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BRIDEWEALTH AND FEMALE CONSENT: MARRIAGE DISPUTES IN AFRICAN COURTS, GUSIILAND, KENYA

Published online by Cambridge University Press:  04 July 2003

BRETT L. SHADLE
Affiliation:
University of Mississippi

Abstract

From the early 1940s Gusiiland (Kenya) underwent a series of transformations that pushed bridewealth to unheralded levels. As a result, many young couples could not afford a proper marriage and eloped. Some fathers forced their daughters into marriages with men wealthy enough to give cattle; many of these women ran off instead with more desirable men. In the hundreds of resulting court cases, Gusii debated the relative weight to be given to bridewealth, parental approval and female consent in marriage. Young people did not reject marriage, but fought against senior men who would ignore women's wishes. Gusii court elders usually agreed with fathers and husbands but also believed that female consent did carry some significance.

Type
Research Article
Copyright
© 2003 Cambridge University Press

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Footnotes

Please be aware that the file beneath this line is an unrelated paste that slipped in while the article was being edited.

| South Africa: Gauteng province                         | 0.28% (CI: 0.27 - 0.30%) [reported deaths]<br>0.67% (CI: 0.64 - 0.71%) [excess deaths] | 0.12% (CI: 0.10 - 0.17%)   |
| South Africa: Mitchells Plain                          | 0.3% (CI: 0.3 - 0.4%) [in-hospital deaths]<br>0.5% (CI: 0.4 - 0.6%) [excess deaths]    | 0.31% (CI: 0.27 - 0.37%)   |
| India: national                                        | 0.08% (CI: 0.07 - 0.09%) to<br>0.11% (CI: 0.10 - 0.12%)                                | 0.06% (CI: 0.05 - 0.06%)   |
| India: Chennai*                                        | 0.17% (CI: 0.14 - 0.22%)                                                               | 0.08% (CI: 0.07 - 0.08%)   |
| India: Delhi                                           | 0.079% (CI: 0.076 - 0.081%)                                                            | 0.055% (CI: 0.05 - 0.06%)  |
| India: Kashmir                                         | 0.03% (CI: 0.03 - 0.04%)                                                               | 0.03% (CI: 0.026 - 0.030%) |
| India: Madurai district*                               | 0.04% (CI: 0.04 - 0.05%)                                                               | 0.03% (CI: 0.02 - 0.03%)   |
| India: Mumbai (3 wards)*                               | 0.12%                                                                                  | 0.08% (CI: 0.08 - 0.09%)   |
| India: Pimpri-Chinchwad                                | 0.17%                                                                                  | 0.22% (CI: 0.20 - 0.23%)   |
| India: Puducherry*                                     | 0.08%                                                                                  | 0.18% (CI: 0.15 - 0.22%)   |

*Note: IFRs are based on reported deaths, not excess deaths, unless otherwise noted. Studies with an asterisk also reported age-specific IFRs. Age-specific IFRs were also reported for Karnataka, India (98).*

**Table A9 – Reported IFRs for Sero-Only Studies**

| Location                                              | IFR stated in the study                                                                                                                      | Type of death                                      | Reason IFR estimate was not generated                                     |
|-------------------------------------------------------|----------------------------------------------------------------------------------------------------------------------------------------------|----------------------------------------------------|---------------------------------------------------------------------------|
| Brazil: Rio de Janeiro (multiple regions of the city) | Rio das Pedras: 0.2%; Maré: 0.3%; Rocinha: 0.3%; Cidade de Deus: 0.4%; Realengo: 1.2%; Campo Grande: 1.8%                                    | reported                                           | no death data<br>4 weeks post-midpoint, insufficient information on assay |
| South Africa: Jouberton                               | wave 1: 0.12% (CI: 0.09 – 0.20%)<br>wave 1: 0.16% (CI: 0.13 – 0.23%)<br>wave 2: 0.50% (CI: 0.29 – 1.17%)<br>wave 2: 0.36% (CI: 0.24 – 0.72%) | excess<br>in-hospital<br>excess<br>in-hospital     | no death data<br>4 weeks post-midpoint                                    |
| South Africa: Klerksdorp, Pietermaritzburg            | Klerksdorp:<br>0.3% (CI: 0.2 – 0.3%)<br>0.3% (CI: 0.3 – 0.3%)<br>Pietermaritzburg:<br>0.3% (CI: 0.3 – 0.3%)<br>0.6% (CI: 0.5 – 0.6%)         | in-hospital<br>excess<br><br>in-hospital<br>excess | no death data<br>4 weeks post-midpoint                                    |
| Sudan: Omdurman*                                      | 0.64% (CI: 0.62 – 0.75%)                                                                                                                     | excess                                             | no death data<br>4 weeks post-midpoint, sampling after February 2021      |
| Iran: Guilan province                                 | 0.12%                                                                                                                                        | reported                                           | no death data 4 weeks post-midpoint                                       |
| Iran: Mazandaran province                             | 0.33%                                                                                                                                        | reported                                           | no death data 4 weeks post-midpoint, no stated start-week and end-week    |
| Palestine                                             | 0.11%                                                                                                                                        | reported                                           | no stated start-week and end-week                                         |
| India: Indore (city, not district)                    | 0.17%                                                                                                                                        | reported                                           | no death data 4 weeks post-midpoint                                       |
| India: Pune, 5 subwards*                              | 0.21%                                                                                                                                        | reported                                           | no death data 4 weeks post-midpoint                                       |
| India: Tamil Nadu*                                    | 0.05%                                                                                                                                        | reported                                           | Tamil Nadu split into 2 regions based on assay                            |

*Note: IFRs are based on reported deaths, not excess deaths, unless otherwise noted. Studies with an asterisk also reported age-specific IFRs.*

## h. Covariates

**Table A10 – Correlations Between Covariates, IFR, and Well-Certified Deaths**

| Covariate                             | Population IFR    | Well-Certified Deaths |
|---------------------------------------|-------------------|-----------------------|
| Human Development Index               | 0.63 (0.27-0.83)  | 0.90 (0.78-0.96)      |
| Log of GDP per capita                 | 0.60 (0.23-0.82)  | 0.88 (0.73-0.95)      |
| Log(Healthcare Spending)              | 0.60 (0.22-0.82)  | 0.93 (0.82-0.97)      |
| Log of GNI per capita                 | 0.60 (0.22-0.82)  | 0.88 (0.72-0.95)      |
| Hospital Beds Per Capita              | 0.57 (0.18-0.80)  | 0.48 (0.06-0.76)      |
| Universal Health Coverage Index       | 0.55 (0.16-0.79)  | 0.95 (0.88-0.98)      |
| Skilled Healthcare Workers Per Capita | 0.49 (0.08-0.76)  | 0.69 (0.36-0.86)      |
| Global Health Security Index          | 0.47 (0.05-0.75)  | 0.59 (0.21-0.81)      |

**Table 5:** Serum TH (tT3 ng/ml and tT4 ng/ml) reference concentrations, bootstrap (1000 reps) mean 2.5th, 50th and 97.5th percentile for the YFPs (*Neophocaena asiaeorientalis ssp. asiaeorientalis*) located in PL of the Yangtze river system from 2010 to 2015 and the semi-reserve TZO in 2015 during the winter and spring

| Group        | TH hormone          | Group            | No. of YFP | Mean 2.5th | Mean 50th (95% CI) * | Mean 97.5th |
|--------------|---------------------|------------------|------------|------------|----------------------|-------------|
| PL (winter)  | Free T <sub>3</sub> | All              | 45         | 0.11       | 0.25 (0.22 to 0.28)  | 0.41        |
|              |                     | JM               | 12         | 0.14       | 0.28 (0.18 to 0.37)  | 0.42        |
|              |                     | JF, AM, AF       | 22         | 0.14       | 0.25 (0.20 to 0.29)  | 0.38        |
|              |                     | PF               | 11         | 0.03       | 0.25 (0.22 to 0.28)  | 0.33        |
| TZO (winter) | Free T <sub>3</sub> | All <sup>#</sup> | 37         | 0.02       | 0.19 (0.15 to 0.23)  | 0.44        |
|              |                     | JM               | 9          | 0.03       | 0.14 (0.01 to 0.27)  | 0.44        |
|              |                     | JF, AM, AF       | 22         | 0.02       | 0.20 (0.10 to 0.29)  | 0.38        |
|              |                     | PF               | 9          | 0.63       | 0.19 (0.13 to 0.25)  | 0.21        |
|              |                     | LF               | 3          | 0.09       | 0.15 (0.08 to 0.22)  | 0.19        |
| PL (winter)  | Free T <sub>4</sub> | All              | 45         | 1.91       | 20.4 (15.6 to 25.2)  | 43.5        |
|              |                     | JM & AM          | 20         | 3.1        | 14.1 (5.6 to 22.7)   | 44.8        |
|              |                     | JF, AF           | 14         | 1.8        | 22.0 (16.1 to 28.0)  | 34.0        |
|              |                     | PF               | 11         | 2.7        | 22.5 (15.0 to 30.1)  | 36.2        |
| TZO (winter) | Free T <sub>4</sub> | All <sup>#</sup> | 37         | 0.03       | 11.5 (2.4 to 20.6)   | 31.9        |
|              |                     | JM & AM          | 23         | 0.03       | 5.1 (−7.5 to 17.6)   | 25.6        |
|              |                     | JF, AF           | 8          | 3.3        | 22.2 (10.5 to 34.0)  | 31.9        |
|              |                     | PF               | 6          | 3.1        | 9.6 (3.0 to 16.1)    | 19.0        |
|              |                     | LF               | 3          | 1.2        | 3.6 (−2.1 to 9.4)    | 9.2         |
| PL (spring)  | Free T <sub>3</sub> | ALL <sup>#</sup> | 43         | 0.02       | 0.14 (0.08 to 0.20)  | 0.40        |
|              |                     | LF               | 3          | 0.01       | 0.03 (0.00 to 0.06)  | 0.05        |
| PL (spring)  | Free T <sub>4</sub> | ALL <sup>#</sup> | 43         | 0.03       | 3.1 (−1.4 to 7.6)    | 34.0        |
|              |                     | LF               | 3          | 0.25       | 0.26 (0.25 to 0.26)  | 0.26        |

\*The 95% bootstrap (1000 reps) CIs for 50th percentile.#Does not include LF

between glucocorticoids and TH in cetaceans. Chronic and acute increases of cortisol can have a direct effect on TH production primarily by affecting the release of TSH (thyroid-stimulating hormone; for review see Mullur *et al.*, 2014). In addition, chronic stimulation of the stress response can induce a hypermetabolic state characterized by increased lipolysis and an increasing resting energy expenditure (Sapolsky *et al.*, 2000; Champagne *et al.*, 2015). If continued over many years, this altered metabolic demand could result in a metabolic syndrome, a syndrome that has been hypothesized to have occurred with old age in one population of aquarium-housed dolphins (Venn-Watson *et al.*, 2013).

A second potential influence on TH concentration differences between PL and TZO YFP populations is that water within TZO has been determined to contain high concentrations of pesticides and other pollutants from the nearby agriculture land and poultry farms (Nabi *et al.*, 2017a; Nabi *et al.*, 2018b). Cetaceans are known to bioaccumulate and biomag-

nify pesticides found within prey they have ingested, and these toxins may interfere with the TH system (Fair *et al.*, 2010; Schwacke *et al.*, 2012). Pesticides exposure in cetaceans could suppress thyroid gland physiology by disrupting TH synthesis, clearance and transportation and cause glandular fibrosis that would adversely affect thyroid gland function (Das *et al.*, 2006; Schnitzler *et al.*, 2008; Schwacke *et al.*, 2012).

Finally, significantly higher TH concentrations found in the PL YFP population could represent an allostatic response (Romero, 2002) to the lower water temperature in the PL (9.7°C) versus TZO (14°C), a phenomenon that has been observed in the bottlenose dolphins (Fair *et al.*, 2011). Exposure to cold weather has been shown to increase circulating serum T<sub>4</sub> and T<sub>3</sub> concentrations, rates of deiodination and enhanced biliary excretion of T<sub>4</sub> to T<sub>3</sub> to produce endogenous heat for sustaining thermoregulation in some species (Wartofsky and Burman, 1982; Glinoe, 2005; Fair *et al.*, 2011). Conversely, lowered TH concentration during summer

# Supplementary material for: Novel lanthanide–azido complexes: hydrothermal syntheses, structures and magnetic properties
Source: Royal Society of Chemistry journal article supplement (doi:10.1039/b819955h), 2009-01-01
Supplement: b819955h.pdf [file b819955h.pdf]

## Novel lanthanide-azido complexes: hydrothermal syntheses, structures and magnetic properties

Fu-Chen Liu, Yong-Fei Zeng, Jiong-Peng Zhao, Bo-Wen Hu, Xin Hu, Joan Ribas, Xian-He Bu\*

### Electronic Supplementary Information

This article draws in part on my 2000 Northwestern University dissertation, ‘“Girl cases”: runaway wives, eloped daughters and abducted women in Gusiiland, Kenya, c. 1900–c. 1965’, the research for which was supported by a fellowship from the Academy of Educational Development. Support for the collection of further court files was provided by a 2001 Little-Griswold Research Grant from the American Historical Association. A previous version was presented to the ASA 2001 annual conference. For their comments, my thanks to Jonathon Glassman, Jim Campbell, Karen Tranberg Hansen, John Rowe, Lynn Thomas, Iris Berger, the audience at the ASA and the anonymous JAH reviewers. Special thanks to Richard Roberts for his comments and encouragement.
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